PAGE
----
CES 2016 was pretty boring for me all along till the time Netflix took the stage. The company announced a massive expansion which would see it operate in 130 new countries across the globe. India happens to be one of them. The subscription prices of Netflix in India is very similar to their US pricing, although the content availability and overall experience might not be the same.
Despite all the fanfare, Netflix faces quite a lot of difficulties in India, some of which we’ll be detailing in this post.
1. Internet speeds & FUP
Netflix’s popularity in the US has been based on ever increasing internet speeds in terms of both wireless and wired broadband. At least one third of Americans are on a cellular carrier that provides them with unlimited data plans. These carriers are Sprint and T-Mobile which provide unlimited data without any speed restriction unless users cross a 22-25GB threshold and happen to be latched on to a congested cell site. None of the Indian carriers provide truly unlimited data. Any kind of so called “unlimited” wireless data plan in India is plagued with post-FUP speeds of less than 100 kbps which is laughable considering even thumbnails of various shows/movies on Netflix won’t download instantly at such speeds.
Most US wired broadband providers don’t even have data caps. Even when Comcast recently started applying data caps, they were a generous 300 GB – 600GB depending on the plan. As for speeds, several US locations now have Gigabit level speeds thanks to Google Fiber and AT&T Gigabit Pro. Comcast also seems to be trialing Gigabit speeds. Even if not Gigabit speeds, most US broadband providers provide between 50Mbps-500Mbps at most places.
The situation in India is beyond comparison. A large part of the country has BSNL, Airtel and MTNL providing them wired broadband. Both BSNL and Airtel have post-FUP speeds of 512 kbps at which even a 320p video doesn’t buffer properly. Also, data caps by Indian broadband providers are much less generous. Anyone who streams Netflix in HD quality would consume as much as 3GB of data per hour. Assuming someone watches Netflix in HD quality for an hour everyday, then this translates to at least 80-90GB in data consumption every month and a minimum of 8 Mbps would be required to stream HD quality videos without any hiccups. This means, to enjoy Netflix properly, one needs an 8 Mbps connection with a data cap of at least 100GB. These plans won’t be cheap and would easily cost more than Rs 2000 on both Airtel and BSNL. The only exceptions to these are broadband providers such as ACT, Hathway and several other regional broadband providers who provide good speeds and decent data caps at reasonable rates. But the geographic coverage of these broadband providers is pretty sparse with a question mark over their after sales support.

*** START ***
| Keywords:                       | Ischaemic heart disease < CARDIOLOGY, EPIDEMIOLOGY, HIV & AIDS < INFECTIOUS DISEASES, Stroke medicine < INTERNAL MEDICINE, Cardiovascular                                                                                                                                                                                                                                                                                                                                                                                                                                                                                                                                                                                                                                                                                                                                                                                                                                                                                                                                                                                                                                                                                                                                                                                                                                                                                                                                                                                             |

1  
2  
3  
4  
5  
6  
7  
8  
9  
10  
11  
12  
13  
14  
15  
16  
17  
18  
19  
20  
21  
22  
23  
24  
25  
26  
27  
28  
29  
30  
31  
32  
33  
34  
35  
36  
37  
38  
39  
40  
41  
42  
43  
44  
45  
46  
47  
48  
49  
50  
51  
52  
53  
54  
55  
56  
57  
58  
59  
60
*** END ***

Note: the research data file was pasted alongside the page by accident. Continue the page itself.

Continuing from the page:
Needless to say the internet infrastructure of India is nowhere near what’s present in America. This was further proved by Akamai’s latest “State of the Internet” report where India had the slowest broadband speed in the whole of Asia-Pacific.
2. No Download option
The above mentioned streaming problem wouldn’t have been such an issue if Netflix provided users an option to download videos. When Netflix’s American rival Amazon started allowing users to download videos on its Prime Video service, Netflix responded by saying “Adding the option to download videos makes the whole experience confusing“. Youtube is the largest video platform in India and when Youtube app started allowing users to download videos for offline viewing, I personally didn’t find anyone saying that it made Youtube complex all of a sudden.
It’s very crucial for Netflix to allow Indians to download videos, as mentioned earlier the internet infrastructure simply isn’t there. Allowing users to download locally would considerably expand the number of Indians who would consider Netflix.
A survey conducted by Telecom Talk on broadband users had the following statistics-
- Nearly 45% users thrive on connection speed of 1-3 Mbps
- 30% users are still living with connection speed of less than 1 Mbps.
- Less than 1% of the users enjoy a speed greater than 50 Mbps